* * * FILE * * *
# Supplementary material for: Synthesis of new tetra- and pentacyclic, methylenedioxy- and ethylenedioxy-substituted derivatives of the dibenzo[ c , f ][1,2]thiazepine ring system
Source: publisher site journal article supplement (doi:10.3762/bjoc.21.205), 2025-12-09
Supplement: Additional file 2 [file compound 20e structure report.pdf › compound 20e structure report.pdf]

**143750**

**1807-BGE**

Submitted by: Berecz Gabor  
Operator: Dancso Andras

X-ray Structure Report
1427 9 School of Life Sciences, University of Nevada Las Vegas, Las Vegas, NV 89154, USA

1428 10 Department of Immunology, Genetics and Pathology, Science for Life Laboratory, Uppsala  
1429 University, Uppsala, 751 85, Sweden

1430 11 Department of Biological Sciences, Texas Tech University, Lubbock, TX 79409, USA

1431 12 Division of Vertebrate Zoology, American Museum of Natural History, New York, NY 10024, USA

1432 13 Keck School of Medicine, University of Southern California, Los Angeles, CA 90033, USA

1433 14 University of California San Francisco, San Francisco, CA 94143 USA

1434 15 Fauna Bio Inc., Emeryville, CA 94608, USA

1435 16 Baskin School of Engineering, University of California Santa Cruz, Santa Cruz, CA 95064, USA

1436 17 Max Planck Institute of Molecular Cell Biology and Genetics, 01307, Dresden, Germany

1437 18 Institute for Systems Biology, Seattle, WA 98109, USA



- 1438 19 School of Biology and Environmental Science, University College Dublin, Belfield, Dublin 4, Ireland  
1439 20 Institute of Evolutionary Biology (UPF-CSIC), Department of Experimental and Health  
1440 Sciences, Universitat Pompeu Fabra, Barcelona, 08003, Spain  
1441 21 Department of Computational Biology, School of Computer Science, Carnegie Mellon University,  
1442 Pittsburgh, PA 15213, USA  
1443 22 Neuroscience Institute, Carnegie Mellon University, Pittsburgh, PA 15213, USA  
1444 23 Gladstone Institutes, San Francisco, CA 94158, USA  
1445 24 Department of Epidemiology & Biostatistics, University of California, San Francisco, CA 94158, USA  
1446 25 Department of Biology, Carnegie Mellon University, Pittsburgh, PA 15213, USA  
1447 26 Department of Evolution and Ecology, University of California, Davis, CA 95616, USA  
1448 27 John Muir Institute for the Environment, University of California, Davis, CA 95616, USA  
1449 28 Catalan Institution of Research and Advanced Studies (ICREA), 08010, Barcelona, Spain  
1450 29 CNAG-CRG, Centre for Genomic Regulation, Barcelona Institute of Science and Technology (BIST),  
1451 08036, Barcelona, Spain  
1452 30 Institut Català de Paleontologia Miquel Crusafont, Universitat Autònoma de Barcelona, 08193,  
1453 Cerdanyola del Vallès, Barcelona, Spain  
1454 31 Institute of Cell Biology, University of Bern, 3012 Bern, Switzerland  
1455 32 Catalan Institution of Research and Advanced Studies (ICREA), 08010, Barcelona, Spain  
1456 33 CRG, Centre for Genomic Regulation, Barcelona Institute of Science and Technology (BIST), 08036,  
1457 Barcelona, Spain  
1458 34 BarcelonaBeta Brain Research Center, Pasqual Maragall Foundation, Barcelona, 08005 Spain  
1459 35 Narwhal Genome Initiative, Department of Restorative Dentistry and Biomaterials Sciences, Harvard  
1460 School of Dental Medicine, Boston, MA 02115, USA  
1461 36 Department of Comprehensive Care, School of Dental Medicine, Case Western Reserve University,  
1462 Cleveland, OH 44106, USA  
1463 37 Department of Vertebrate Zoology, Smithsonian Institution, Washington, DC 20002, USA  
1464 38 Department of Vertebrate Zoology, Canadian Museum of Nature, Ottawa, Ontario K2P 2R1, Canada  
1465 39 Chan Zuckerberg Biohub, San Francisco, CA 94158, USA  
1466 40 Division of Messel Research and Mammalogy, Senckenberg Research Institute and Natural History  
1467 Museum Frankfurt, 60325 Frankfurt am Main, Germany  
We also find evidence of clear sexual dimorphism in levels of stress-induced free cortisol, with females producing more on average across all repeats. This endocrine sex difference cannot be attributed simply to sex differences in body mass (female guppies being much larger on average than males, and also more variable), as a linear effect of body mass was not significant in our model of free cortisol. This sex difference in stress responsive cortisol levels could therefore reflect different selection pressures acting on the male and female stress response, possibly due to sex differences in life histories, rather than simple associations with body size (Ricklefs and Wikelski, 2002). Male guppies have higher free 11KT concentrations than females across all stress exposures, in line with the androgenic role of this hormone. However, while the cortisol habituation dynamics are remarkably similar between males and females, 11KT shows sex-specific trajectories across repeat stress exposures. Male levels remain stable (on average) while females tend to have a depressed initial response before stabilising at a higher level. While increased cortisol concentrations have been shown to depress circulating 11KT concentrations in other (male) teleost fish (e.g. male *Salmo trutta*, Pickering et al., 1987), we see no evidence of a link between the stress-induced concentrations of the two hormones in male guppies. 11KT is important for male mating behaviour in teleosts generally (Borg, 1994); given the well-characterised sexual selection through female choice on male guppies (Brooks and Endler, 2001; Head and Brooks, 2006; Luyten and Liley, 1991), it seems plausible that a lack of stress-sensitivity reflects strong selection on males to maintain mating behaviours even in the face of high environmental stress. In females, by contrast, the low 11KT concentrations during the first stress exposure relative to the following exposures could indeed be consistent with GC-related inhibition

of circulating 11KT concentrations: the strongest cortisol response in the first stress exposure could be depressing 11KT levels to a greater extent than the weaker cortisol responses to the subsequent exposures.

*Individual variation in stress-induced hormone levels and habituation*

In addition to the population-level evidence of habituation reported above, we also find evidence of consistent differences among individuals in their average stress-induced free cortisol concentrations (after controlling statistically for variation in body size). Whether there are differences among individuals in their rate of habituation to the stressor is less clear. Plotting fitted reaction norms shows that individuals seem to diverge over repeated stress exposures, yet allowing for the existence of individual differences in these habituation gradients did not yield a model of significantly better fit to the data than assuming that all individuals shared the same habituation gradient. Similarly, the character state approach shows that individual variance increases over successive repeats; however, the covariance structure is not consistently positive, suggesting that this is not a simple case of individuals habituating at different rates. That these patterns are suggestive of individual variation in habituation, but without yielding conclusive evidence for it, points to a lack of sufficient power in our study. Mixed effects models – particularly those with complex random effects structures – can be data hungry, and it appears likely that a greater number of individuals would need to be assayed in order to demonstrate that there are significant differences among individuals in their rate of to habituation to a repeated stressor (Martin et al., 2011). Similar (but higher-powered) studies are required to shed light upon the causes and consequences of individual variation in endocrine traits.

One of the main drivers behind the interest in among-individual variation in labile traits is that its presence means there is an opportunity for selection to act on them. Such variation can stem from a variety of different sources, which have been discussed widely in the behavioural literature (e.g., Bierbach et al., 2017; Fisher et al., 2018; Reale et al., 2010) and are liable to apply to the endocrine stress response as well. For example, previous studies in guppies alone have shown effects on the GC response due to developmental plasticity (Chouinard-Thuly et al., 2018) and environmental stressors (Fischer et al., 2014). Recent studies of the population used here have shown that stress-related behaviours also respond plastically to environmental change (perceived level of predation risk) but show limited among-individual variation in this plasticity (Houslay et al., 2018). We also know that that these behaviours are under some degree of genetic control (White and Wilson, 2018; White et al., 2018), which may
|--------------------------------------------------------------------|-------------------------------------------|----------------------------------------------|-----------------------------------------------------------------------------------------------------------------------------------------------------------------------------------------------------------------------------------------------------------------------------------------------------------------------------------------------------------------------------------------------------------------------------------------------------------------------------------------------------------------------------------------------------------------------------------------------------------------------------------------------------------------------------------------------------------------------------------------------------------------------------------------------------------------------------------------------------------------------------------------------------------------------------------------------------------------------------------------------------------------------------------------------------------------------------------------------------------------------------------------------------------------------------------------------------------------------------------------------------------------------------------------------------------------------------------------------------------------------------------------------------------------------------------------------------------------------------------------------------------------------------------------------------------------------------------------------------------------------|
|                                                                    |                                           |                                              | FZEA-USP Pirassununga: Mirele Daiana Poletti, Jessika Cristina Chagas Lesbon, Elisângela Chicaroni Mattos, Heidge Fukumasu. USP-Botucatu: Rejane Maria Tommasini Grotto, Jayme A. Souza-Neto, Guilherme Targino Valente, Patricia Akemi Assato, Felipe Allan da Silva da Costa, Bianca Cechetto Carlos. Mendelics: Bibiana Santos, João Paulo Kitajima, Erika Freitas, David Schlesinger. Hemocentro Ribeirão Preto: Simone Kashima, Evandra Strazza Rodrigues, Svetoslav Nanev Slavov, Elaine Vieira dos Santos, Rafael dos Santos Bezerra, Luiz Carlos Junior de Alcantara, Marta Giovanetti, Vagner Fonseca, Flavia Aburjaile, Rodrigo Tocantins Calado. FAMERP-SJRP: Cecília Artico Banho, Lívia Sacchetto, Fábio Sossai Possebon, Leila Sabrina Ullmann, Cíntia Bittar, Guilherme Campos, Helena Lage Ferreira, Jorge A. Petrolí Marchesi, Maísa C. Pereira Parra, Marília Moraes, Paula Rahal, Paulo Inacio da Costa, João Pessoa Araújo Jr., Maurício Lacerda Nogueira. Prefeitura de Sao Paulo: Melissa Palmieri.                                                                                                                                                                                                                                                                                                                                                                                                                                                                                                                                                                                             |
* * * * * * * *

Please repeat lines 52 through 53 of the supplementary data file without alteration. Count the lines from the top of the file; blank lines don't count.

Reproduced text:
*Individual variation in stress-induced hormone levels and habituation*

In addition to the population-level evidence of habituation reported above, we also find evidence of consistent differences among individuals in their average stress-induced free cortisol concentrations (after controlling statistically for variation in body size). Whether there are differences among individuals in their rate of habituation to the stressor is less clear. Plotting fitted reaction norms shows that individuals seem to diverge over repeated stress exposures, yet allowing for the existence of individual differences in these habituation gradients did not yield a model of significantly better fit to the data than assuming that all individuals shared the same habituation gradient. Similarly, the character state approach shows that individual variance increases over successive repeats; however, the covariance structure is not consistently positive, suggesting that this is not a simple case of individuals habituating at different rates. That these patterns are suggestive of individual variation in habituation, but without yielding conclusive evidence for it, points to a lack of sufficient power in our study. Mixed effects models – particularly those with complex random effects structures – can be data hungry, and it appears likely that a greater number of individuals would need to be assayed in order to demonstrate that there are significant differences among individuals in their rate of to habituation to a repeated stressor (Martin et al., 2011). Similar (but higher-powered) studies are required to shed light upon the causes and consequences of individual variation in endocrine traits.